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Ginkgolic acid specifically potentiates alpha 1 glycine receptors
© Maleeva et al. 2015
- Published: 12 June 2015
- Glycine receptor
- ginkgolic acid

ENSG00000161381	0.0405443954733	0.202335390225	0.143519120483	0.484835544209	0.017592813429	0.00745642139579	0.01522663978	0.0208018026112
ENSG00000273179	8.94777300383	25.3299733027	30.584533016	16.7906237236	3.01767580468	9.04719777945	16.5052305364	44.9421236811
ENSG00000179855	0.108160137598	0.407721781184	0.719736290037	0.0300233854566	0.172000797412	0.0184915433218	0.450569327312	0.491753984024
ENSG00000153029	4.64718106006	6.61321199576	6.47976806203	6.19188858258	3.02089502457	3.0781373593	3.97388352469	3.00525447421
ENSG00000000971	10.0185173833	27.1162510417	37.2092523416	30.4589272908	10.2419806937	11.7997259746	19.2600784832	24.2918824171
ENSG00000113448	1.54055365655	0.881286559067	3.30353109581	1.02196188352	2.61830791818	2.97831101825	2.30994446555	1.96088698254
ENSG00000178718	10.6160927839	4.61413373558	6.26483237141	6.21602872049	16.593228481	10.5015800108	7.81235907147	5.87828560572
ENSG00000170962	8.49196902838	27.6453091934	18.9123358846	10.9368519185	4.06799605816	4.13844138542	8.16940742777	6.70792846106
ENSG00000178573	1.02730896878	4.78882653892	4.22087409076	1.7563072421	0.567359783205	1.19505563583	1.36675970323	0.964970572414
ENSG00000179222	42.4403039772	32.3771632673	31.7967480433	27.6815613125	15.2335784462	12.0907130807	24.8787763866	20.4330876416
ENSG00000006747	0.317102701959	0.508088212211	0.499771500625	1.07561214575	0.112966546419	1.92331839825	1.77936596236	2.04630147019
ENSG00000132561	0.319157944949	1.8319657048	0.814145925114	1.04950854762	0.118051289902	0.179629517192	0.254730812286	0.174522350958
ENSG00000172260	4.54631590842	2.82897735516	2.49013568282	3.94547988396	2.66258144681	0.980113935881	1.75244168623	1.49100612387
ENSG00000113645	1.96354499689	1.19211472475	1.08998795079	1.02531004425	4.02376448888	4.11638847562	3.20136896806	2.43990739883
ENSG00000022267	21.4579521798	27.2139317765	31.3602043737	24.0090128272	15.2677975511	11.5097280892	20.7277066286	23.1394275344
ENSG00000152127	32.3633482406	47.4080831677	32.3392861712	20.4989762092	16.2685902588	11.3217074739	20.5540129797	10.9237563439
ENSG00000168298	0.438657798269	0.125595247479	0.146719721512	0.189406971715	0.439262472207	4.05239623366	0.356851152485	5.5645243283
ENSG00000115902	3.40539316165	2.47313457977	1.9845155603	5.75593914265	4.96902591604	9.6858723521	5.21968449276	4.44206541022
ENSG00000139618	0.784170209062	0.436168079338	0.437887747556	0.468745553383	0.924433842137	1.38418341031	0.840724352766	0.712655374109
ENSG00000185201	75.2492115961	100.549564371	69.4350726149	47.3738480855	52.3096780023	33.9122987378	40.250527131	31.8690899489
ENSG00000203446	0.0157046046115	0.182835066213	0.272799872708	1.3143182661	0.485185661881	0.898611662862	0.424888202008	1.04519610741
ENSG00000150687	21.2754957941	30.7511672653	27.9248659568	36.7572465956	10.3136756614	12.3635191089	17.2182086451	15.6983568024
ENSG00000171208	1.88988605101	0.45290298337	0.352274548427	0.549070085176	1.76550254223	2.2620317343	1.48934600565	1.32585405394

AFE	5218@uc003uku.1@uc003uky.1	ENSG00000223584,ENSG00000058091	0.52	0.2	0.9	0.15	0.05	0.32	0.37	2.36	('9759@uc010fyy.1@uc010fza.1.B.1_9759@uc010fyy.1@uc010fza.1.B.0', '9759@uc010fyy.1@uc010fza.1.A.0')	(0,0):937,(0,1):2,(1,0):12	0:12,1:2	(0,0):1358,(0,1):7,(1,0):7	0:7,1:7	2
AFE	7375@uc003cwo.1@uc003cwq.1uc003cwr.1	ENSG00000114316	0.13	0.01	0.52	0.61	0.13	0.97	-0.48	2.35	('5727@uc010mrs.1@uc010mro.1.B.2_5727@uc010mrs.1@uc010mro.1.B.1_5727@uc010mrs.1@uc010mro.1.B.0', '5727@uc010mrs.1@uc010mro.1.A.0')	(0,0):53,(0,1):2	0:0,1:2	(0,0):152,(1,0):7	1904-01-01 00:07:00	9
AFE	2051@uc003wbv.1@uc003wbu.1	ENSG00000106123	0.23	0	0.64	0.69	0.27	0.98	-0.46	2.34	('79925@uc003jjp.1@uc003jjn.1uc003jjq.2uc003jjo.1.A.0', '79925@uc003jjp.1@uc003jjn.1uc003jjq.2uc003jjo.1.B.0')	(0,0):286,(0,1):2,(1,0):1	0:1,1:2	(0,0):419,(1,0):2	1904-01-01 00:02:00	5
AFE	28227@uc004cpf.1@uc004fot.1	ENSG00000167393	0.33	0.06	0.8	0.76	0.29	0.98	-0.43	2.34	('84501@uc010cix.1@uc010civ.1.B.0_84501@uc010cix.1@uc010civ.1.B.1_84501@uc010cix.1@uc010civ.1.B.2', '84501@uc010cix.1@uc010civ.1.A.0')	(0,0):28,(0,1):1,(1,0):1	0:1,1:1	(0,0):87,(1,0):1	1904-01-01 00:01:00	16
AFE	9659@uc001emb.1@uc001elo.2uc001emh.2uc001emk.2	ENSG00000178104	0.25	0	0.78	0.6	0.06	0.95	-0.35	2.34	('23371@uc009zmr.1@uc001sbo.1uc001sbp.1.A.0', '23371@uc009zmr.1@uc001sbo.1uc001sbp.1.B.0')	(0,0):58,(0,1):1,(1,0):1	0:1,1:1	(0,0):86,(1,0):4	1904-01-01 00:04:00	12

Ginkgo biloba extract is a neuroactive agent that is widely used for correction of age-associated impairment of memory, attention deficit and other cognitive functions. It has been shown that ginkgolides and bilobalides, Ginkgo biloba extract components, are potent blockers of glycine receptors (Kondratskaya et al., 2002, Hawthorne et al., 2006). However, the effect of ginkgolic acid, the other Ginkgo biloba extract constituent, on ligand-gated ion channels was not investigated. In the present study, using patch-clamp technique and transient transfection of different subunits in CHO cells we have shown that glycine receptors (GlyRs) are modulated by ginkgolic acid in a subunit-specific manner. After pre-application of ginkgolic acid (0.5-2 min), glycine-induced currents mediated by α1 GlyRs were strongly potentiated, while currents mediated by α2 GlyRs exhibited weak inhibition. There was no significant effect of ginkgolic acid on amplitudes of currents mediated by α3 GlyRs or on GABAARs composed of 1α/1β/2γ subunits. In order to further investigate subunit-specific effect of ginkgolic acid we have focused on possible interaction sites for this compound inside different GlyR domains. We found that mutation of three residues (T59A/A261G/A303S) in α2 subunit can convert the inhibitory action of ginkgolic acid into potentiation. Indeed, application of ginkgolic acid to cells expressing α2 T59A/A261G/A303S subunits resulted in an increase of responses to low concentrations of glycine and abolishment of the inhibitory effect, typical for wild type α2 GlyR. Our results suggest that (i) ginkgolic acid selectively enhances the function of α1 GlyRs and attenuates the function of α2 GlyRs, (ii) mutation of α2 subunit converts effect of ginkgolic acid from inhibition to potentiation.
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